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South Texas College of Law Houston
Page, Phillip E.

Copyright Outline
Fall 2013 – Page
Chapter 1 – Introduction: The Landscape of Copyright
I.                    The Importance of Copyright
a.       Protects original works of authorship
b.       Covers most literary, artistic, musical works, architectural works, computer software, some databases
II.                  Copyright and Related Bodies of Law
a.       An Introduction to Copyright
                                          i.      Copyright has always been in a response to change in technology, specifically communications technology
                                         ii.      Much of what is protected is the right to use and authorize the use of copyrighted works
                                       iii.      Focus of American copyright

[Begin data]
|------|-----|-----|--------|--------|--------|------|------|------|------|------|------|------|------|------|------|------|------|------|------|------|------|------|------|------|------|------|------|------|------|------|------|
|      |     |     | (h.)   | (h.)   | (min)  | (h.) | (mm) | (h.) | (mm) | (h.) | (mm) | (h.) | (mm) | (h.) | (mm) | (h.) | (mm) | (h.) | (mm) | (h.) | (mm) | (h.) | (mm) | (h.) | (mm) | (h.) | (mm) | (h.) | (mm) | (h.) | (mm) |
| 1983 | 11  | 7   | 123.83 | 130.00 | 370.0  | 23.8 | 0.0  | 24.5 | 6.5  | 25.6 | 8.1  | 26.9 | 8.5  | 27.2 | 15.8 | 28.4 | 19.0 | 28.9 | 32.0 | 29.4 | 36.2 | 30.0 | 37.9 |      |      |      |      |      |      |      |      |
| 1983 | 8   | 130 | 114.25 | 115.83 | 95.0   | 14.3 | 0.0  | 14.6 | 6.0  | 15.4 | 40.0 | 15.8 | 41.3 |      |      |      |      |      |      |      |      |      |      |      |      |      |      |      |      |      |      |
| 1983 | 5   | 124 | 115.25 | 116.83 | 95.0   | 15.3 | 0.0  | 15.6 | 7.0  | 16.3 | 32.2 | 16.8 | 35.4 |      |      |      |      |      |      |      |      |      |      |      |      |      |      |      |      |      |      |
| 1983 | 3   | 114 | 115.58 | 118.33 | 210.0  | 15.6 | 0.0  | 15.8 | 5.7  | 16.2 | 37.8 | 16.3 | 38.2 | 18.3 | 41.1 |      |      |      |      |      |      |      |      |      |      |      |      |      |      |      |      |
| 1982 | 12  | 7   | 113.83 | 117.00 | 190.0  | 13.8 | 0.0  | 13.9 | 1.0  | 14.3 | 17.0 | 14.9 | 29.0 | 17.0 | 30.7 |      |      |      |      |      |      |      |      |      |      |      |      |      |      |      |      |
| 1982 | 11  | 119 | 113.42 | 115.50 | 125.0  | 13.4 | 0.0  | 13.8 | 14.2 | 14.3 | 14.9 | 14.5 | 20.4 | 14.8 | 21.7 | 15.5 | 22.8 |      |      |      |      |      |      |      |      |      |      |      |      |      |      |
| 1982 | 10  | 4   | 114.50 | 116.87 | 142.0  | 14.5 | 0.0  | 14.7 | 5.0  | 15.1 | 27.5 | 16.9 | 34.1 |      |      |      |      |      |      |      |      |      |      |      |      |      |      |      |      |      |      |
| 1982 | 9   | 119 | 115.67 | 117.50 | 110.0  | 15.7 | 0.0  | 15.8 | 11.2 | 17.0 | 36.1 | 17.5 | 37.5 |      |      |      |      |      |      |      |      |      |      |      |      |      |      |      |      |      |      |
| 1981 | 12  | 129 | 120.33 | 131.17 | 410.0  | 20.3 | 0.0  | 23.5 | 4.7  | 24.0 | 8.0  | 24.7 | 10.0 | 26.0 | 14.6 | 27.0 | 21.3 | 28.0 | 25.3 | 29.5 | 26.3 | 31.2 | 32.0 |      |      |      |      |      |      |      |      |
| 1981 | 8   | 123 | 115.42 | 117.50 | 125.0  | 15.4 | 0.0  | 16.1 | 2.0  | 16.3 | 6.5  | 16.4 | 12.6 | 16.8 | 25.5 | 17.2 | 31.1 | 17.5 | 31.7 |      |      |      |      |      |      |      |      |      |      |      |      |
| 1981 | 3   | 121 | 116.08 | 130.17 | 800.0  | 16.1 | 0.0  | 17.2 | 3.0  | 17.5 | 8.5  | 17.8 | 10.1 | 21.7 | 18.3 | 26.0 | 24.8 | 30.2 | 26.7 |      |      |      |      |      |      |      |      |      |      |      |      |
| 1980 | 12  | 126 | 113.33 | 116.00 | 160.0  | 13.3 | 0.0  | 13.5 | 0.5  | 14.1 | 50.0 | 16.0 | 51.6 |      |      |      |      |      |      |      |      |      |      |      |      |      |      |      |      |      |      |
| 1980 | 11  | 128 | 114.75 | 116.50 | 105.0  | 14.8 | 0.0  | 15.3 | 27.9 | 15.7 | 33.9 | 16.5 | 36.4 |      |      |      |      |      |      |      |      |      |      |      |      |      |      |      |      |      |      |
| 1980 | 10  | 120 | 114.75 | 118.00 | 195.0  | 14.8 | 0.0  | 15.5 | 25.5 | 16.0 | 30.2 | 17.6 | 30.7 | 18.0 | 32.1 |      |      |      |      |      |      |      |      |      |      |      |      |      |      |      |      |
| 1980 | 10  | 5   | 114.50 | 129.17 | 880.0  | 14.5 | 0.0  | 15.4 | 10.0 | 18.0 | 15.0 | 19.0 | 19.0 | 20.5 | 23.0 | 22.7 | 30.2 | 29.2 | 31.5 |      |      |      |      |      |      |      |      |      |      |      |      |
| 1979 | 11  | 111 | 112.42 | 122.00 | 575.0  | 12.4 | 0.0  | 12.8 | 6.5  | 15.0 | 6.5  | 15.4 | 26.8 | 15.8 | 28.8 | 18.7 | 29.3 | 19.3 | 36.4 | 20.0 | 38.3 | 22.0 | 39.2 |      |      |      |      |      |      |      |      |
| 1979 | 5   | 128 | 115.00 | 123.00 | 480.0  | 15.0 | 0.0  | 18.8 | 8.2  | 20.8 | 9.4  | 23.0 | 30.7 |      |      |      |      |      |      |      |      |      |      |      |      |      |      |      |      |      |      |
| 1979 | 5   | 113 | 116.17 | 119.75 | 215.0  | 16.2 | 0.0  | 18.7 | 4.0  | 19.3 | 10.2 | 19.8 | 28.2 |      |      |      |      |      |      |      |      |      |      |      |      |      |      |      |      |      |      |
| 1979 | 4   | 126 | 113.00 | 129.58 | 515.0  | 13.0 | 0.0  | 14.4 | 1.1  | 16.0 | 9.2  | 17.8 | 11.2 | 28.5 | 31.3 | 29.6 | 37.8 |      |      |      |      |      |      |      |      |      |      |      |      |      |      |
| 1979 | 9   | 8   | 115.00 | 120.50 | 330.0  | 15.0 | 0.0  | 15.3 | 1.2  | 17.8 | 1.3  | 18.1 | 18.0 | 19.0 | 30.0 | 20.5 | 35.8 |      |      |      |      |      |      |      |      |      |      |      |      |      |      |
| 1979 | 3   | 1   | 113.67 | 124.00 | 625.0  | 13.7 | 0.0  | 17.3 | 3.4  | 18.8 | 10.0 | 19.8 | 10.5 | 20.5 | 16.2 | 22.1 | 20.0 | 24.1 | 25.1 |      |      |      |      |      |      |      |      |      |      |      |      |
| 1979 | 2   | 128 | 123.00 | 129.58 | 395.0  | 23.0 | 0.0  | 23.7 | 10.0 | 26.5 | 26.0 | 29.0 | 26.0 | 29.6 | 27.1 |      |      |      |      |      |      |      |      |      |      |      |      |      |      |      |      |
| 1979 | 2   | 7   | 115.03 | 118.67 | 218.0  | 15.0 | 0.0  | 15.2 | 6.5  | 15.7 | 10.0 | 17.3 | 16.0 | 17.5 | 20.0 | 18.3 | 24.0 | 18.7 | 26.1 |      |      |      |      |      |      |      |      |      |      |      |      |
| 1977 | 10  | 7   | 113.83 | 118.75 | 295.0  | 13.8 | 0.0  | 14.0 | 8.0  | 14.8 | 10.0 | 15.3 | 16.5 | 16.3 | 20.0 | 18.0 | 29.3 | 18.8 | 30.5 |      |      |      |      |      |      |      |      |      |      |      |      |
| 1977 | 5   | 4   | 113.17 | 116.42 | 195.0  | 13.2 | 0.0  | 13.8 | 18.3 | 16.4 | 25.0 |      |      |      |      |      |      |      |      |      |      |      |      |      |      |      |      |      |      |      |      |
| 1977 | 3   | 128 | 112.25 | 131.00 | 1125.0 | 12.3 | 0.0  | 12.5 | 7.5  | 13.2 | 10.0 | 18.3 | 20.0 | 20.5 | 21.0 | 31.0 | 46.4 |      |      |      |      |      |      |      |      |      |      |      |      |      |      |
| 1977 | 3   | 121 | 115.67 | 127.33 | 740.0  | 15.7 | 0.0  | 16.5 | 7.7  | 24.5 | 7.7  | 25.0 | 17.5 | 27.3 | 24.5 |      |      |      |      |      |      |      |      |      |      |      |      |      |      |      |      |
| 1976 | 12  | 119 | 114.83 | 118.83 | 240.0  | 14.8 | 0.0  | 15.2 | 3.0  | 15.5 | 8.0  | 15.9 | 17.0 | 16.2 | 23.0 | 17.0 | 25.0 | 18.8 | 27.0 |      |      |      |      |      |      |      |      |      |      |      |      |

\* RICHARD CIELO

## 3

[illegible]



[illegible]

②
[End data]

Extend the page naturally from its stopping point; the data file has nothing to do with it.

1.       Benefits derived by the public from the labors of authors
2.       Desirability of providing a reward to the author
3.       Incentive, bribe
a.       Concerned that absent bribe, would spend too much time doing other things
                                       iv.      European rationale
1.       Inherent right . . . natural law conclusion
2.       US and UK more money focused
a.       Some natural law concepts in US law
                                        v.      Why generous to authors?
1.       Don’t recognize protection for anyone other than author
2.       Other creative people (publisher, editor, store owner, etc.) are not worthy
                                       vi.      Why stingy to authors?
1.       Provides protection for about 95 years
2.       Balance author benefit and public benefit
a.       Convince someone to create, but public also has an interest